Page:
The 8th largest economy on the entire planet is in a state of turmoil right now
by Michael Snyder
The 8th largest economy on the entire planet is in a state of turmoil right now. The shocking collapse of the price of oil has hit a lot of countries really hard, but very few nations are as dependent on energy production as Russia is. Sales of oil and natural gas account for approximately two-thirds of all Russian exports and approximately 50 percent of all government revenue. So it should be no surprise that the fact that the price of oil has declined by almost 50 percent since June is absolutely catastrophic for the Russian economy. And when you throw in international sanctions, wild money printing by the Central Bank of Russia and unprecedented capital flight, you get the ingredients for an almost perfect storm. But those of us living in the western world should not be too smug about what is happening in Russia, because the nightmare that is unfolding over there is just a preview of the economic chaos that will soon envelop the whole world.
So far this year, the Russian ruble has fallen nearly 50 percent against the U.S. dollar. That is a monumental shift. And as the collapse of the ruble has accelerated in recent days, we are seeing scenes in Russia that are reminiscent of the Weimar Republic. For example, just consider the following excerpt from an article that just appeared in the New York Times.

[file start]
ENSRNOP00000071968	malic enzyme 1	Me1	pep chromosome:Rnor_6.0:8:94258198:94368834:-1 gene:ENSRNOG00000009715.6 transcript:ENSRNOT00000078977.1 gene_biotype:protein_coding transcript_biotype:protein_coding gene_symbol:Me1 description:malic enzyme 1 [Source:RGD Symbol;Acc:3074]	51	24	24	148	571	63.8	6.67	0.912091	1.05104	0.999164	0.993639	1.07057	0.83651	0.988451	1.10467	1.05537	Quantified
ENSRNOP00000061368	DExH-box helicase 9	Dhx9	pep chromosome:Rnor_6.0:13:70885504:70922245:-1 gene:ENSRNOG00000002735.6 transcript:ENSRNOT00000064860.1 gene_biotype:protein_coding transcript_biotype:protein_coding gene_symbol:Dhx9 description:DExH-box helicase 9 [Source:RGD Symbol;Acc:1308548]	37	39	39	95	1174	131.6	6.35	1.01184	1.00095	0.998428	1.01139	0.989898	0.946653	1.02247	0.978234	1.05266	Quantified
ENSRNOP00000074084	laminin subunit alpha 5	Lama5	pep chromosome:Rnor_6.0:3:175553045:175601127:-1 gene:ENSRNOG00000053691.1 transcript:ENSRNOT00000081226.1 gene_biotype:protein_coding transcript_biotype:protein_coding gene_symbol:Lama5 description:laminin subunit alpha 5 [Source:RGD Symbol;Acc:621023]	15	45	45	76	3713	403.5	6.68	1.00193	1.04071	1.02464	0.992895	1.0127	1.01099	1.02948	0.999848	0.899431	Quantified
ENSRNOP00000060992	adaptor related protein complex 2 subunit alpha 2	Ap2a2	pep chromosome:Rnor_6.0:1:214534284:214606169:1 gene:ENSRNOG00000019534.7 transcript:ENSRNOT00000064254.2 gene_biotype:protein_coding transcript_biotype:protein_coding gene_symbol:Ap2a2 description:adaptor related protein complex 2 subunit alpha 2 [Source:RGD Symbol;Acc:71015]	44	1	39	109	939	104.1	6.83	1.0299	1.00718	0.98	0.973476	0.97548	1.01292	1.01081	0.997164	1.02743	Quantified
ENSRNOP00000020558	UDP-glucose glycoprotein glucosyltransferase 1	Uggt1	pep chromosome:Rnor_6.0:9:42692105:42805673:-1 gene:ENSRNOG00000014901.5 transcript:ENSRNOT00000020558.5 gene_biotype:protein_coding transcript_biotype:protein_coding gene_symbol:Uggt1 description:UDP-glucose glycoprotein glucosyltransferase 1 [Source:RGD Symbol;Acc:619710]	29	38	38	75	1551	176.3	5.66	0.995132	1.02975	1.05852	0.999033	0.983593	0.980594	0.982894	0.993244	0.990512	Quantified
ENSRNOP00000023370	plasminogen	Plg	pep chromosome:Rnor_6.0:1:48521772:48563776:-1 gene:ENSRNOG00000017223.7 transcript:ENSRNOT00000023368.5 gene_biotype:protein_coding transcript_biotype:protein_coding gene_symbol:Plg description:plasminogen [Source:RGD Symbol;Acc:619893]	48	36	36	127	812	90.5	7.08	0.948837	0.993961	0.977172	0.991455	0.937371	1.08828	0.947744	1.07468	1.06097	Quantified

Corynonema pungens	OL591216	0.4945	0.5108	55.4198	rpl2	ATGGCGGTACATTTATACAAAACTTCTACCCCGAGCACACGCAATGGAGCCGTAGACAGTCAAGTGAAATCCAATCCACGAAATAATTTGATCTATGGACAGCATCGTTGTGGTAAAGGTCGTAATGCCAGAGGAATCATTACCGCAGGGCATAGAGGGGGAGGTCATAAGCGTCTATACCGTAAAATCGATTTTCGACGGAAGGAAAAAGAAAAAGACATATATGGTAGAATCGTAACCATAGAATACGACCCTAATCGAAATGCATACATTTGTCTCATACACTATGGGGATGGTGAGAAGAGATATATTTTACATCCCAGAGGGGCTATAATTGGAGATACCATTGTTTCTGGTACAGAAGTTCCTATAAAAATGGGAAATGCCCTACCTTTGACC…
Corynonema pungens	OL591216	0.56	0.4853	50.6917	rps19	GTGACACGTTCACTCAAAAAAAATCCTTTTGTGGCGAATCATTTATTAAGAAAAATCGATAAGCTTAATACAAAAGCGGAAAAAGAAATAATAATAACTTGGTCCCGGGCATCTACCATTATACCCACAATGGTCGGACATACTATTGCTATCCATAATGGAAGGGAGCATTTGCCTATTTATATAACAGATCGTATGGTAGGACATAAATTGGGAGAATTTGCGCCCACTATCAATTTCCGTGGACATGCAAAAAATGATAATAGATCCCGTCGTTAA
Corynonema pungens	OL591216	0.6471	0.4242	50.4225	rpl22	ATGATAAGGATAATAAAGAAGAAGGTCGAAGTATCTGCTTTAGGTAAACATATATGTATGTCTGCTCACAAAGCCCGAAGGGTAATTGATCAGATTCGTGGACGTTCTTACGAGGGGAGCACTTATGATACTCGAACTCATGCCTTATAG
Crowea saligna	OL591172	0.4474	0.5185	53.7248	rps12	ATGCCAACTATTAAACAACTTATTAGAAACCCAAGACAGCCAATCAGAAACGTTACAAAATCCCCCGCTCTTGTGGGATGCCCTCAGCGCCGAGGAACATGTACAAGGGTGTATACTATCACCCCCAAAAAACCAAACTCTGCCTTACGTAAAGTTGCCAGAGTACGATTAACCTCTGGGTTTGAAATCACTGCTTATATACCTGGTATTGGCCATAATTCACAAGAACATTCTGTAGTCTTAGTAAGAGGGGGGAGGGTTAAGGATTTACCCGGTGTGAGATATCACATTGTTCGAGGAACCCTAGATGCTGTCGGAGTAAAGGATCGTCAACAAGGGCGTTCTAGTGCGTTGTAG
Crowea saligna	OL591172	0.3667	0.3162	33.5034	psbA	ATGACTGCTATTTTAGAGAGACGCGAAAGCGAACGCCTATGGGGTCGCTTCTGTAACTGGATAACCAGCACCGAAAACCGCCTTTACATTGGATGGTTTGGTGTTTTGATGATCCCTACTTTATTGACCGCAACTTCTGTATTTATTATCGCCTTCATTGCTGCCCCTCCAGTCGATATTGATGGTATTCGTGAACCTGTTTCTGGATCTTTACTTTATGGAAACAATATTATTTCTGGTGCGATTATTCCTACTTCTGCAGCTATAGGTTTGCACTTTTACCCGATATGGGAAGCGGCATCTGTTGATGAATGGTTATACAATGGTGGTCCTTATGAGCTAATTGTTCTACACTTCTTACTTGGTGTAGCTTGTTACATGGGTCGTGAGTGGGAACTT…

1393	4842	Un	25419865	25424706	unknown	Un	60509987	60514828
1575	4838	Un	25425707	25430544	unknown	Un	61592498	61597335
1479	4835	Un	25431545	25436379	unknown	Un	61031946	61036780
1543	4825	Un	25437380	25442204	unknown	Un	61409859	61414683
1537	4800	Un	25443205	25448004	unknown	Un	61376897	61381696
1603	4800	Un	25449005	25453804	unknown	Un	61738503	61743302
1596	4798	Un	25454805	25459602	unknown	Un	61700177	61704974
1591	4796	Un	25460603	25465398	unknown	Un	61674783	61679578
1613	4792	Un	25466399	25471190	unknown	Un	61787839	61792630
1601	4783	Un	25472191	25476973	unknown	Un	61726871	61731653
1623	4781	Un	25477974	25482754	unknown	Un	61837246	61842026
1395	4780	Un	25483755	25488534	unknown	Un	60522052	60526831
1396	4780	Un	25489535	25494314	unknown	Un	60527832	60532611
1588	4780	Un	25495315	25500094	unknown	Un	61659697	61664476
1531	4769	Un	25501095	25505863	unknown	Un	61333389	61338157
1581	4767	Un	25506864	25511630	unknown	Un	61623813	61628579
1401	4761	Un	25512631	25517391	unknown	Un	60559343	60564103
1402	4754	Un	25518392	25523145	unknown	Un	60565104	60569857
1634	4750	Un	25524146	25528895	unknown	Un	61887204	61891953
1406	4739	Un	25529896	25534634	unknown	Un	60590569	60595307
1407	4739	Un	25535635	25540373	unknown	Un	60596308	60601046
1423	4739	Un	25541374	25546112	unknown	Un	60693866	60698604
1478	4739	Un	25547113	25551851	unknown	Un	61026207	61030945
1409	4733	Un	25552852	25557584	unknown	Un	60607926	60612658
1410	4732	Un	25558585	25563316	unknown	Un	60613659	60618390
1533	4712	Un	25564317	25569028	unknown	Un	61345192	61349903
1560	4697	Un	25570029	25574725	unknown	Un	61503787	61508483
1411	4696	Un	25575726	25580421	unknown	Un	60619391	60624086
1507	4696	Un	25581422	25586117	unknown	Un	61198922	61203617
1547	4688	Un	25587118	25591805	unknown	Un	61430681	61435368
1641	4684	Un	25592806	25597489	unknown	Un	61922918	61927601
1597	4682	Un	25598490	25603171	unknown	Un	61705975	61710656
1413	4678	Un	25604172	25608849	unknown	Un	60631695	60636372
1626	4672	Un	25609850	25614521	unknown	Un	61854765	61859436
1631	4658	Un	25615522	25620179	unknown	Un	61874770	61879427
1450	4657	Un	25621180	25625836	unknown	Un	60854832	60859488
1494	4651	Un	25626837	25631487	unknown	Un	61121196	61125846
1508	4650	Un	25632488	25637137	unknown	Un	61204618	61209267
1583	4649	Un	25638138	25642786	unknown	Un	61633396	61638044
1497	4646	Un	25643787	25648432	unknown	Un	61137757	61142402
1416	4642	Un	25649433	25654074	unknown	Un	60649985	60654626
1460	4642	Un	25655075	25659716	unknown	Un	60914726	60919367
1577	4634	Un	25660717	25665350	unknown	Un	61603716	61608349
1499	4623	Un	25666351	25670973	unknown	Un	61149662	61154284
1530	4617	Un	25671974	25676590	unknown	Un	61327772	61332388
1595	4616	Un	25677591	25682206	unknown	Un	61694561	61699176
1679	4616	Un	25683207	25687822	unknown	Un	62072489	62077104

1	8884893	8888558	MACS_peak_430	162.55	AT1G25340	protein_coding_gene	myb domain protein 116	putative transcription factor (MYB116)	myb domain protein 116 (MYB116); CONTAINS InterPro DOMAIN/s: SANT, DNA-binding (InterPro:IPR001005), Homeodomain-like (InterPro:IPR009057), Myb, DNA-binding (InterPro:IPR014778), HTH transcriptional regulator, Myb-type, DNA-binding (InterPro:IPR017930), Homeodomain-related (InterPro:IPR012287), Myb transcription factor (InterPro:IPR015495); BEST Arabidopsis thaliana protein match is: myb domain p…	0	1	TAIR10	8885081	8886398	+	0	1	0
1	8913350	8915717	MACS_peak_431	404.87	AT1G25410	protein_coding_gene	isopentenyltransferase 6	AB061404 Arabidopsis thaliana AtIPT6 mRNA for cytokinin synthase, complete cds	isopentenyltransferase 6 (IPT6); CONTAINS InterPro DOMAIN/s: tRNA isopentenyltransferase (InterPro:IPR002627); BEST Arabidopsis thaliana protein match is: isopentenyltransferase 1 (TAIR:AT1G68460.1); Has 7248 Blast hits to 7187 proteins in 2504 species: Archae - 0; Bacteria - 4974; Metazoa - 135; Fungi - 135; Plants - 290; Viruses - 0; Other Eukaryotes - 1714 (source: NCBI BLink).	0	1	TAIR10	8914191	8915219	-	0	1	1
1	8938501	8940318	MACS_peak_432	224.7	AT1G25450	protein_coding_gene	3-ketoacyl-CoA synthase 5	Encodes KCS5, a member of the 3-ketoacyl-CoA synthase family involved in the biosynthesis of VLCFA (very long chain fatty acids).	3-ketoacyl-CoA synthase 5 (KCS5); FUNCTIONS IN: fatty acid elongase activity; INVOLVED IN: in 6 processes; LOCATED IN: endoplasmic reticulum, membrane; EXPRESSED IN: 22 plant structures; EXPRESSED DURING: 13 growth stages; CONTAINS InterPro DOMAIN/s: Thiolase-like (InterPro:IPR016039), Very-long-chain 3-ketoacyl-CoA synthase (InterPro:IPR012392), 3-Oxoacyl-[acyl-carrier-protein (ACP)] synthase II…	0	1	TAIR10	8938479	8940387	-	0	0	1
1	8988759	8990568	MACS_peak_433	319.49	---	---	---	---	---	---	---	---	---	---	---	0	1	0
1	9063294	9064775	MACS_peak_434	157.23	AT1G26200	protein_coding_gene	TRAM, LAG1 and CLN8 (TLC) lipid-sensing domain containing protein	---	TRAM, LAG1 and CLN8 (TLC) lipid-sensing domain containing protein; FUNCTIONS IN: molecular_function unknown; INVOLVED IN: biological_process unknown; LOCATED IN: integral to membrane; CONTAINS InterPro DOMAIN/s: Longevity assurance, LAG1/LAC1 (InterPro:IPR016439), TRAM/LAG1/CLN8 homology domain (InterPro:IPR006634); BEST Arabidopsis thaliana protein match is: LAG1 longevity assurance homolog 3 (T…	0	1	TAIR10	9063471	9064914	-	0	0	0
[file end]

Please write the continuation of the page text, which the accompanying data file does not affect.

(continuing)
Scenes that Russians hoped had receded into the past reappeared on the streets: Currency exchange signs blinked ever-changing digits, and Russians rushed to appliance stores to buy washing machines or televisions to unload rubles.
“We are seeing an economic crisis,” Natalia V. Akindinova, a professor at the Higher School of Economics, said in a telephone interview. “We are seeing a sharp devaluation of the ruble at a time when the central bank doesn’t have the reserves to influence the market, as it did in the past crises.”
In a desperate attempt to stop the bleeding, the Central Bank of Russia made an astounding move. Last night it raised its key interest rate from 10.5 percent all the way up to 17 percent.
It was hoped that this desperate move would keep the ruble from plummeting any further.
And it did work for a few minutes, but then the collapse of the ruble resumed. This is how Zero Hedge described the carnage…
For those wondering if the CBR’s intervention in the Russian FX market with its shocking emergency rate hike to 17 percent overnight calmed things, the answer is yes… for about two minutes. The USDRUB indeed tumbled nearly 10 percent to 59 and then promptly blew right back out, the Ruble crashing in panic selling and seemingly without any CBR market interventions, and at last check was freefalling through 72 74, and sending the Russian stock market plummeting by over 15 percent.
So why is this happening now?
Well, the biggest reason for the freefall of the ruble is the fact that the Central Bank of Russia just printed up about 625 billion rubles and gave it to their friends at Rosneft.
Rosneft is an absolutely massive oil company that is controlled by the Russian government. For months, Rosneft has been asking for a bailout (sound familiar?) to refinance loans that can no longer be rolled over with western banks because of economic sanctions.